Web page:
BsAs is a great city for walking and traveling via public transportation. Parking in town in expensive and traffic is a mess so many people use colectivos (public buses), the Subte (Subway system) or trains if coming from the burbs. Of course, walking is also prevalent – I loved walking around the city – it was a very independent feeling! And most hostels or an information center will have maps (our apartment rental agency, ByT, provided a map of the city as well). Though sometimes, I’ll admit, I did miss the convenience of a car 🙂

The most convenient way to get around for us was to walk, use the Subte or take a colectivo. We used this website to tell us what the best route was – it was excellent and generally accurate and provided a map – it even lets you search by landmark it some cases.


Go to “Como Llego” (How do I arrive) and you can put a from and to location and it will give you the route by colectivo, subte or train.

1) Subte – the Subte goes from various parts of the city into town. We took line D from Palermo (Scallibrini Ortiz stop) into town. It was only 2.50 pesos to ride one way, regardless of where you were going or how far you were going. It was easy enough to get around and use the Subte map (found at http://www.subte.com.ar/contenido/home.asp). In the mornings on the way to school, the Subte would be PACKED – sometimes so you couldn’t even get on. There were times where I felt like I was literally being held up by all the people around me. The Subte was kind of jerky and older and so at the stops I’d stumble a bit if I wasn’t holding on to something – not a problem in the mornings! Definitely get over any personal space issues when riding on the Subte! The only negative about the Subte is it stops running between 10 and 11 pm, depending where you are on the route.

There’s even fun grafiti on the Subte (subway)!

2) Colectivos – BsAs has an extensive bus system, called colectivos. They are a little difficult to ride and it helps if you know some Spanish so you can confirm you are on the right one. The link above helps tell you where to find the colectivo you need and what bus number to take. Luckily, the stops are usually pretty well labeled with the bus numbers that stop there. The problem is sometimes the same bus number takes different routes. So it’s good to confirm with the driver your stop (which you say when you get on anyway to pay). The other complication is that you either have to have a colectivo card or coins (monedas) to pay for the bus. When we were there, they raised the non-card rate from 1.2 pesos to 2 pesos. The fare is also dependent on how far you go. Anyway, you get on the bus, tell the driver your stop and then there is a machine behind the driver to insert your coins (the amount to pay is displayed on it). But then, that’s where the fun starts. The link above also shows the route the bus will take. After a couple botched attempts at riding the bus, we started jotting down notes on the route the bus was supposed to take. That helped us figure out when and where we were supposed to get off. To get off, you just move towards the exit (generally exit on the back side of the bus unless it’s too crowded) and press the button (sometimes this isn’t even necessary – the bus driver usually sees people waiting at the exit anyway and will stop at the next stop on the route). I think knowing the route the bus you’re on is supposed to take is really important – it’ll also help you figure out if you’re not on the right path of the bus – there was at least one time where we told the driver where we were going but he didn’t understand or didn’t care because that bus didn’t go there (another bus with the same number went to our destination).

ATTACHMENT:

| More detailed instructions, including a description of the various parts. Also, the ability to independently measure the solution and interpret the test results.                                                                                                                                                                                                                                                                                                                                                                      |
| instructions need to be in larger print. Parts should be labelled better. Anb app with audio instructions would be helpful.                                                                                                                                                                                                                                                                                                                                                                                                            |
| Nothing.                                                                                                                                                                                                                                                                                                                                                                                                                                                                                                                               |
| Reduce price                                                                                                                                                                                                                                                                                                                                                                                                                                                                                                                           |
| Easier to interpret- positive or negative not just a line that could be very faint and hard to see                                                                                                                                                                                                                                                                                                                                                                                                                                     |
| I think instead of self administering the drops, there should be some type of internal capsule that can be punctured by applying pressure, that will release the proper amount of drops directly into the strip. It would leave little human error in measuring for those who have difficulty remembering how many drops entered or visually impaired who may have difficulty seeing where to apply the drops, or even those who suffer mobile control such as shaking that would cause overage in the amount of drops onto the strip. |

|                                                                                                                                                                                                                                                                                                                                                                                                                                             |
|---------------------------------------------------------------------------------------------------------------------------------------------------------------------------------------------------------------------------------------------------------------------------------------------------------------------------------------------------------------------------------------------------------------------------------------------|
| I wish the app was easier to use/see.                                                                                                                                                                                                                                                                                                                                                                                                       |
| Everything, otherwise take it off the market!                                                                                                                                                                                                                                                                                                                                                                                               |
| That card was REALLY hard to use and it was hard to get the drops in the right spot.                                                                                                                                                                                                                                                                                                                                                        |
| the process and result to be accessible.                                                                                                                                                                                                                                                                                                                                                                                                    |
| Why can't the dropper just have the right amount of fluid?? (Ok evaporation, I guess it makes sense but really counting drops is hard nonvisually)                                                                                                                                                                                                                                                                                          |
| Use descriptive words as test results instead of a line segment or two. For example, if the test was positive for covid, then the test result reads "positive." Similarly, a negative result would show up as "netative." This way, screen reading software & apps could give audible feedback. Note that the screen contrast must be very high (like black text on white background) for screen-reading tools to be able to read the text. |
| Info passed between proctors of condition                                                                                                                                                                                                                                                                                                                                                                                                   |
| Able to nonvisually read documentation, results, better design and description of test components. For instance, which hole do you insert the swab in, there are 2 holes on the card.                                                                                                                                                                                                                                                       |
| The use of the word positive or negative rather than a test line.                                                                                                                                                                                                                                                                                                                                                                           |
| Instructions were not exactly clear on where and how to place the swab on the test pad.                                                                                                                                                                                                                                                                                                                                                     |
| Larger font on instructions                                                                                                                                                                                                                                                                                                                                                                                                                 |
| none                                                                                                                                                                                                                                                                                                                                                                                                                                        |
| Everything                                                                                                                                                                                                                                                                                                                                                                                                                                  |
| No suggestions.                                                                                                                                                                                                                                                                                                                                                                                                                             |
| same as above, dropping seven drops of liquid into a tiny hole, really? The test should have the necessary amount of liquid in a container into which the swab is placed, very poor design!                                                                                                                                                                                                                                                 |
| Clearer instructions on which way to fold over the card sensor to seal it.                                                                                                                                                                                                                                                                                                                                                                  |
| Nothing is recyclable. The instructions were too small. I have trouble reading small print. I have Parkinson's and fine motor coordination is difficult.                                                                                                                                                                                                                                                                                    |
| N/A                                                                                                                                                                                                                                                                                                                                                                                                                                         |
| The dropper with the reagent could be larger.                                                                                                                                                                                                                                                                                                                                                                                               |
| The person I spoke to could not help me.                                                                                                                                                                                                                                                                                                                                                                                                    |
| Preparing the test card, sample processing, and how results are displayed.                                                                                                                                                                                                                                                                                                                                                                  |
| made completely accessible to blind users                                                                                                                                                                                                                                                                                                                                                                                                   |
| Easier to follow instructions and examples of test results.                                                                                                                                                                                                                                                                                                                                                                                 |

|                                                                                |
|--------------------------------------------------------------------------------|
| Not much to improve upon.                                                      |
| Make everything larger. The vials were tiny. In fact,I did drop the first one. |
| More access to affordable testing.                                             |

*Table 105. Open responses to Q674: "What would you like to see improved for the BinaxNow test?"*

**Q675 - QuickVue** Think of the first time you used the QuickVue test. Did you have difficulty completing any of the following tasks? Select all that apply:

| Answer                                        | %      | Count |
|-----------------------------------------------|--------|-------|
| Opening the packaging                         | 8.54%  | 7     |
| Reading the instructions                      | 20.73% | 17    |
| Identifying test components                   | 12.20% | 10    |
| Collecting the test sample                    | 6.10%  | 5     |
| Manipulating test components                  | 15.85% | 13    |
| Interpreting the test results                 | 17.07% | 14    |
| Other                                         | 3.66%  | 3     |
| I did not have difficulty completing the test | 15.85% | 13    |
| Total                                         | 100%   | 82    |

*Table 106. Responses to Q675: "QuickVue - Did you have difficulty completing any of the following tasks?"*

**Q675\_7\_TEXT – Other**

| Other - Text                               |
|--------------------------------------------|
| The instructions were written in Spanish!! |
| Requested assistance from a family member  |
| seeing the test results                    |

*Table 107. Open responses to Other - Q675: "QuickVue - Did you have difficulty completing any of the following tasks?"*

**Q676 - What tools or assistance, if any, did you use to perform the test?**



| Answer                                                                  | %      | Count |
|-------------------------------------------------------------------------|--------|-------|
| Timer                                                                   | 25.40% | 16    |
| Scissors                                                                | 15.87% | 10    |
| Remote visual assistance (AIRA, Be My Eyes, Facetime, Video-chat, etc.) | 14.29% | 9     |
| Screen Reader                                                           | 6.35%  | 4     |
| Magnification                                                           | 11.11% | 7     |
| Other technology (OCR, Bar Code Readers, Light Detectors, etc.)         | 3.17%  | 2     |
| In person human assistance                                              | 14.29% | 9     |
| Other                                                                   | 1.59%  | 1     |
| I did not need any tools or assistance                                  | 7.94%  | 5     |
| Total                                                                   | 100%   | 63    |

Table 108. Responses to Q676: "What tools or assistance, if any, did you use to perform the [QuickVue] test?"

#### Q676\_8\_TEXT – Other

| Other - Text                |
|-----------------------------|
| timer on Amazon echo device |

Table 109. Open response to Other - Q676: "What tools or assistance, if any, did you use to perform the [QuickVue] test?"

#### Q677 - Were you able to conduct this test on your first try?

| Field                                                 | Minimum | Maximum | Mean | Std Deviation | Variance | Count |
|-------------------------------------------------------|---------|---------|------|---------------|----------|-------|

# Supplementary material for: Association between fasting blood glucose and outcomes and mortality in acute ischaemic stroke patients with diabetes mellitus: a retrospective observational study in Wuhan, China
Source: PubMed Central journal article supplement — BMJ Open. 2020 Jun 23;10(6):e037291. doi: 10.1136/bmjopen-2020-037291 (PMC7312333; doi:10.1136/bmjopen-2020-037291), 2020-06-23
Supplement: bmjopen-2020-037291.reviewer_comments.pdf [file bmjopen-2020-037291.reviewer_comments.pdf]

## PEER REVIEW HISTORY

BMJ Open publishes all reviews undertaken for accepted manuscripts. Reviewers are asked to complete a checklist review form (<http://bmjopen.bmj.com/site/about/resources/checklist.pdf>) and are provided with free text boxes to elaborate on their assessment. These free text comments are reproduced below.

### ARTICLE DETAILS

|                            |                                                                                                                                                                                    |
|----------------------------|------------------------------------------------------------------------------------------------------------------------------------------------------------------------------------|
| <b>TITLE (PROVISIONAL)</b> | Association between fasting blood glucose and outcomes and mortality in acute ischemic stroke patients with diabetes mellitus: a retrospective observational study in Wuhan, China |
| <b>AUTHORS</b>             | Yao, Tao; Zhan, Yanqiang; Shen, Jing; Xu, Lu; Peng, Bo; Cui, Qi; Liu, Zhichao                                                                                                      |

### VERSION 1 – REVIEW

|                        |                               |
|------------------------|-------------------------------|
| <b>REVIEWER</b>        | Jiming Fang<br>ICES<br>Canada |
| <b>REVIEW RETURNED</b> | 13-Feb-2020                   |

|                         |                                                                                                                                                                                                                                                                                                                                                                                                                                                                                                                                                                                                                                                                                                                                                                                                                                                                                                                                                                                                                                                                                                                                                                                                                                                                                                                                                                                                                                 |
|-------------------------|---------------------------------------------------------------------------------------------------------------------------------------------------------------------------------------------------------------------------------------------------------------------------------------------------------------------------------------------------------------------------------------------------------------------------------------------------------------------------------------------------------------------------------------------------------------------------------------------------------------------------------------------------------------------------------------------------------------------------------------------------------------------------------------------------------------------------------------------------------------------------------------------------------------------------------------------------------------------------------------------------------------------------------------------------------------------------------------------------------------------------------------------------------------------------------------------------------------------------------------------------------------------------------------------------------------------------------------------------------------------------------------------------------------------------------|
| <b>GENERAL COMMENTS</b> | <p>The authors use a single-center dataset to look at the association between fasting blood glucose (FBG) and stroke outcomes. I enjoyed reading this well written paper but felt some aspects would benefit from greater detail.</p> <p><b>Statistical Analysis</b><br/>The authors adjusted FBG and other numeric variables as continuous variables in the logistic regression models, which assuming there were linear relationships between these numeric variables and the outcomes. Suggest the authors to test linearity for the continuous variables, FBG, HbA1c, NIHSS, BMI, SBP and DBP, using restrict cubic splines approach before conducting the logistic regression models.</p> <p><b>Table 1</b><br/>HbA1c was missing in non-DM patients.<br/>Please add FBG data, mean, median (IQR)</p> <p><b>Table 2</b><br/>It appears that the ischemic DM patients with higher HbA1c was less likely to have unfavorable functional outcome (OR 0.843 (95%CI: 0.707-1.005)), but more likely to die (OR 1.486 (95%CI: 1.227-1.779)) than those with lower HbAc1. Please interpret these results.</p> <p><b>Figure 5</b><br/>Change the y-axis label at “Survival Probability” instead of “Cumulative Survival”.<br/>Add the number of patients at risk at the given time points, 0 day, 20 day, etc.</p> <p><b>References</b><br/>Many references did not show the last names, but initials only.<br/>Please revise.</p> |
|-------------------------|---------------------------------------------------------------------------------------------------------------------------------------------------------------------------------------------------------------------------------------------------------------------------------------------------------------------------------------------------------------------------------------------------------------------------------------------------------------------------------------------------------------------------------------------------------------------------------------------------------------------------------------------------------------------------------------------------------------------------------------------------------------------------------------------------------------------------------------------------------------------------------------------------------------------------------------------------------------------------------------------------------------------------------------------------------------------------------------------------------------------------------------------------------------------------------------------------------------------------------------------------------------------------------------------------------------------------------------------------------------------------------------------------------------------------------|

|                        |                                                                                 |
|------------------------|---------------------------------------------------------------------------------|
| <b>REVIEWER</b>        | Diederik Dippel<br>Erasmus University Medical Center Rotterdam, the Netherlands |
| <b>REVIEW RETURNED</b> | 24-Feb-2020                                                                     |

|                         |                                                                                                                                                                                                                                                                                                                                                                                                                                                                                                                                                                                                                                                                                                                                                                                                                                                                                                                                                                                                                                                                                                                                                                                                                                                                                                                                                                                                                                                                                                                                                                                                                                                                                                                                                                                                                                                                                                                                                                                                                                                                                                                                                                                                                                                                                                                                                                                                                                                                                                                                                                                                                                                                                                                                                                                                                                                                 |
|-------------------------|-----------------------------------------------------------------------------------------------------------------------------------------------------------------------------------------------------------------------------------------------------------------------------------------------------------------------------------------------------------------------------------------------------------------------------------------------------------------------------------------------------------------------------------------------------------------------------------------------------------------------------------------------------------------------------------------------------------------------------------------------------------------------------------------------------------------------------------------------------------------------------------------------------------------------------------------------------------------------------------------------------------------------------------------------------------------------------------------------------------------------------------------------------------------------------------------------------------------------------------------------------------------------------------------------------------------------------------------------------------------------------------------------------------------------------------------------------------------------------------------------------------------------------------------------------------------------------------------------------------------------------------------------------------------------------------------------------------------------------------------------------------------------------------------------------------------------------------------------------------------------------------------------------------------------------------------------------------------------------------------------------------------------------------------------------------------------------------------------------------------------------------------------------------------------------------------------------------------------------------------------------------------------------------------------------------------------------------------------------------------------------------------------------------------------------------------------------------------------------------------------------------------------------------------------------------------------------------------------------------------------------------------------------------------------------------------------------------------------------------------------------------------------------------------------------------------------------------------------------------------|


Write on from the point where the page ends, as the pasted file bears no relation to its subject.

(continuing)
3) Train – we only used the train to go to Tigre – it was pretty easy to figure out. We took the train from the Belgrano station instead of going back to the Retiro station to get the train. The train is also super cheap to ride – one way ticket to Tigre was less than 2 pesos!

4) Taxi – on occasion, we would take a taxi. The base rate was about 9 pesos and then .60 pesos for every 10th of  mile I think. From San Telmo to Palermo, we paid about 40 pesos or $8 – about 5km. Taxis were pretty cheap in BsAs – you could usually get around for $5-$10. Always take an official taxi – if it’s available, the “Libre” sign on the passenger side will be lit up.

5) Omnibuses – we used Omnibuses to go to Puerto Iguazu from BsAs. The bus station at Retiro is a bit confusing (it’s about two blocks right of the train station) – it’s good to know what buses go to your destination before you get there because there’s over 100 bus companies selling tickets at the terminal. We used this site to see what bus companies serviced our route and then went to Retiro to buy our tickets. When we got our Iguazu tickets, the bus agent offered us a discount without even asking so it’s worth going there and talking to the various companies and asking if they have any promotions going.


6) Transportation to EZE airport – Taxis from the city (we were looking from Retiro) are around 200 pesos. We took a private charter bus company called Manuel Tienda Leon (http://www.tiendaleon.com.ar/home/home.asp) for about 70 pesos each from near the Retiro terminal (about 3 blocks) to EZE airport – 45 minutes at night. They also let us leave our luggage there for 15 pesos (a lot cheaper than at Retiro – we paid 80 pesos there!).